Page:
Sarah Stultz: Do you procrastinate doing things in life?

Published 8:45 pm Tuesday, February 27, 2024

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Nose for News by Sarah Stultz

I’ve been staring at the back of my dirty car for weeks now with good intentions of getting to the car wash.

It’s so bad, one of these days I fully expect someone to come along and write a “wash me” message on the back window.

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In the last few days, it seems there has been something I can only assume was birds leave another surprise on the side of my car with what looks to be multiple drips down almost the entire driver’s side.

Now, since then, almost every time I get in the driver’s seat, the thought crosses my mind that I need to get the car washed.

It’s one of those things I’ve put off now for so long because of one reason or another.

Sure enough, every time I have a free moment to actually get it done, there’s a long line at the car wash or it decides to rain or snow or it’s going to rain or snow the next day. As you can tell, sometimes I tend to procrastinate.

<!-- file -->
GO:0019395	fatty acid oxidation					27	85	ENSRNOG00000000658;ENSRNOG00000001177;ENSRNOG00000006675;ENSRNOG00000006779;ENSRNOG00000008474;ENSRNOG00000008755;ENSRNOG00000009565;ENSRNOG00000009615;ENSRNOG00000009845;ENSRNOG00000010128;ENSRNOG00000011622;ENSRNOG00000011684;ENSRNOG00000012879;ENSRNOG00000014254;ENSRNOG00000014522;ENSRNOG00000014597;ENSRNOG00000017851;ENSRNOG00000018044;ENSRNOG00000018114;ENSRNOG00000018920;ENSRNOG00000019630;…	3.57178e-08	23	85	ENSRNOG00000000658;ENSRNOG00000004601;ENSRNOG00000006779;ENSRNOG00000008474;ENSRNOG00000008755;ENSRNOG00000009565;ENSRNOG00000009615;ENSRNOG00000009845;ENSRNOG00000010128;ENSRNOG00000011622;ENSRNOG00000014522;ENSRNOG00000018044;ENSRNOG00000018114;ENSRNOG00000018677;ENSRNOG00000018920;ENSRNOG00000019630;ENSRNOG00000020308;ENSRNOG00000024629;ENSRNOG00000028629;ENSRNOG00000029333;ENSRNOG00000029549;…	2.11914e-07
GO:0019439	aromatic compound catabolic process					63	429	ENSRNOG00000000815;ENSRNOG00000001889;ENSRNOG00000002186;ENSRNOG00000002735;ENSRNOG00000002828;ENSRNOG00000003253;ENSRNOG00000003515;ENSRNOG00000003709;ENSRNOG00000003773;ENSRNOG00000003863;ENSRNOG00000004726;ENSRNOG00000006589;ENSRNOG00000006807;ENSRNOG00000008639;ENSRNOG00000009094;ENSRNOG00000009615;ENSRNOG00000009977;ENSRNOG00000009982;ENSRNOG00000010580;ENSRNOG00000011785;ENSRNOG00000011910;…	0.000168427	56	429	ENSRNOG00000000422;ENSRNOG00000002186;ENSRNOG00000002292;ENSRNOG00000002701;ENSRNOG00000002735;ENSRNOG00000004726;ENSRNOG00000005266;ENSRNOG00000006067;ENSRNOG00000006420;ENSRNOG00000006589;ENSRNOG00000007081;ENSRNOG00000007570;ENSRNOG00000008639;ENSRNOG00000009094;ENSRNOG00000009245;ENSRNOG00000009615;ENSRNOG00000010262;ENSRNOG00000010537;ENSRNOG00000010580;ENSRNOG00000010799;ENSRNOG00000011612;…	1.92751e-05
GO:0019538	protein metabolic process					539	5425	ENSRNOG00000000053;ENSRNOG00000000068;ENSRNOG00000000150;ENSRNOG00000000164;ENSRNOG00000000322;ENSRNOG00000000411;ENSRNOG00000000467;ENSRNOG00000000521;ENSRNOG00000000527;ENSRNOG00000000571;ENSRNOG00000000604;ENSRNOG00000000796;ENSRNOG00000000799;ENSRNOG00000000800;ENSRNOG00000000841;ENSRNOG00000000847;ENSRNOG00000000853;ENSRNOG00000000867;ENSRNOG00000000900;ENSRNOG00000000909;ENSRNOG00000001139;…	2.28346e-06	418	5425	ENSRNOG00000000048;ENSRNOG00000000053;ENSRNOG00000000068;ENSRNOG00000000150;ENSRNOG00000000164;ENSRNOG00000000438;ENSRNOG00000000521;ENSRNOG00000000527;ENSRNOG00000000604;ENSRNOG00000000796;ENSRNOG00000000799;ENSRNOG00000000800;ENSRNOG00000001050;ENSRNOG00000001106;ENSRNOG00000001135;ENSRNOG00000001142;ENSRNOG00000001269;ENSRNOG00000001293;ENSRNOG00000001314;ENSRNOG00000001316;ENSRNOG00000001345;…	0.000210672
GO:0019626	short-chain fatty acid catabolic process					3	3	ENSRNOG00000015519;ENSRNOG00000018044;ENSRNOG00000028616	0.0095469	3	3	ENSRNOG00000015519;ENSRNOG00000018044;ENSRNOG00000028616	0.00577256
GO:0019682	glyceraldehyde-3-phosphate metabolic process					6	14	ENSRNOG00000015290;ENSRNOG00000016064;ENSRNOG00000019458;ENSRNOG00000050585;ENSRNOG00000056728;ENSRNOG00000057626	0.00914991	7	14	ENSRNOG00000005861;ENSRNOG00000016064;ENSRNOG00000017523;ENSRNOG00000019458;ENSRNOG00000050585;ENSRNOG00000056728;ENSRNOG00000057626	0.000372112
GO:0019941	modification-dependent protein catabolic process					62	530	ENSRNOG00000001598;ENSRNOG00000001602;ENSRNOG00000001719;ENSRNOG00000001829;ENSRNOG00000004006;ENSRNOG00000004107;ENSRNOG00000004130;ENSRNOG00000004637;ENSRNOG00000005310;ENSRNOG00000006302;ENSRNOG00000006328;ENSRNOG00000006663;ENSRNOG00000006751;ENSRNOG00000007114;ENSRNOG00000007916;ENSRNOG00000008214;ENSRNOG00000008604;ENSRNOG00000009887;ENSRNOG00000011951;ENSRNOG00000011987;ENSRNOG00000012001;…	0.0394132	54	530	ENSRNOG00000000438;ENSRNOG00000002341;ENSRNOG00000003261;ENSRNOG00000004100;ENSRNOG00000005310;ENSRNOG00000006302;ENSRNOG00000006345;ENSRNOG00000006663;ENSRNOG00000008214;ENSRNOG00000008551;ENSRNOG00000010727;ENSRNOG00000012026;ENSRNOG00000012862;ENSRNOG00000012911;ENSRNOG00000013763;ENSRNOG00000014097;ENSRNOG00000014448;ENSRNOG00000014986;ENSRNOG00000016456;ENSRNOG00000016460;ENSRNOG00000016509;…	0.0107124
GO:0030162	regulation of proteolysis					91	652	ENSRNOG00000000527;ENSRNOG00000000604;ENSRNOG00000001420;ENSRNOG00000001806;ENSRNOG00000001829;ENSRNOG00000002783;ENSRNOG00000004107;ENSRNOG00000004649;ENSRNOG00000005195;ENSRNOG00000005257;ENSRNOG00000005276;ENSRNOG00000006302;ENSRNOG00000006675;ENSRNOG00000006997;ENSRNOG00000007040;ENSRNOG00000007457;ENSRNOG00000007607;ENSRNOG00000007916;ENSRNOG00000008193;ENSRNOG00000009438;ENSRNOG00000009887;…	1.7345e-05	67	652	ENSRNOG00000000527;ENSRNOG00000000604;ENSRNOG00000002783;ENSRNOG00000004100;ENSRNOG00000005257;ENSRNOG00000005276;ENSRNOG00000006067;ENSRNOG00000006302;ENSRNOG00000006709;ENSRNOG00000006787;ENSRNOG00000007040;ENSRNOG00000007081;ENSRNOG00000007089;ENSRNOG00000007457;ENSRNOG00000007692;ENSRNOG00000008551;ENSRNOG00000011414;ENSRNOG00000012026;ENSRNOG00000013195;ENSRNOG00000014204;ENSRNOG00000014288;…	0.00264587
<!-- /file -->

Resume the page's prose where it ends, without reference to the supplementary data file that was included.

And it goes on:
I know we live in Minnesota, so unfortunately this is a problem I encounter every winter.

There’s a myriad of reasons I’ve found I do so.

I want my $6 to $10 at the car wash to be worthwhile and to last for at least a few days, a week or more.

I also have to find the time needed to get it done or find a time of day when it’s not as busy out of the normal hours to make a special trip to a car wash. Oh, and make sure to bring a book along to help pass the time.

I find deadlines help keep me in tow — perhaps that’s why I am able to stay afloat in such a deadline-driven industry. I can say I like some deadlines more than others, but I recognize their value in helping to keep things moving in a timely fashion and to help break up the workload.

Sure, I still procrastinate with my job, too, but these days with the 24/7 news environment, things have to be done quickly, if not immediately. It’s what people expect, so there’s no time to lollygag around or get distracted with other things that eat up my time and put off writing a story. Sometimes I appreciate that pressure to get something done.

After a little online research, I found at least 20% of adults are considered chronic procrastinators, and about 50% of adults say they procrastinate from time to time. It is more prevalent among students, with about 75% of college students identifying themselves as procrastinators.

How much time does the average person spend on procrastinating? According to one website I found, a survey in 2015 found that on average a person wastes 218 minutes every day procrastinating.

Imagine what we could do if we were able to minimize the procrastination?

“My advice is to never do tomorrow what you can do today. Procrastination is the thief of time.” — Charles Dickens

Sarah Stultz is the managing editor of the Tribune. Her column appears every Wednesday.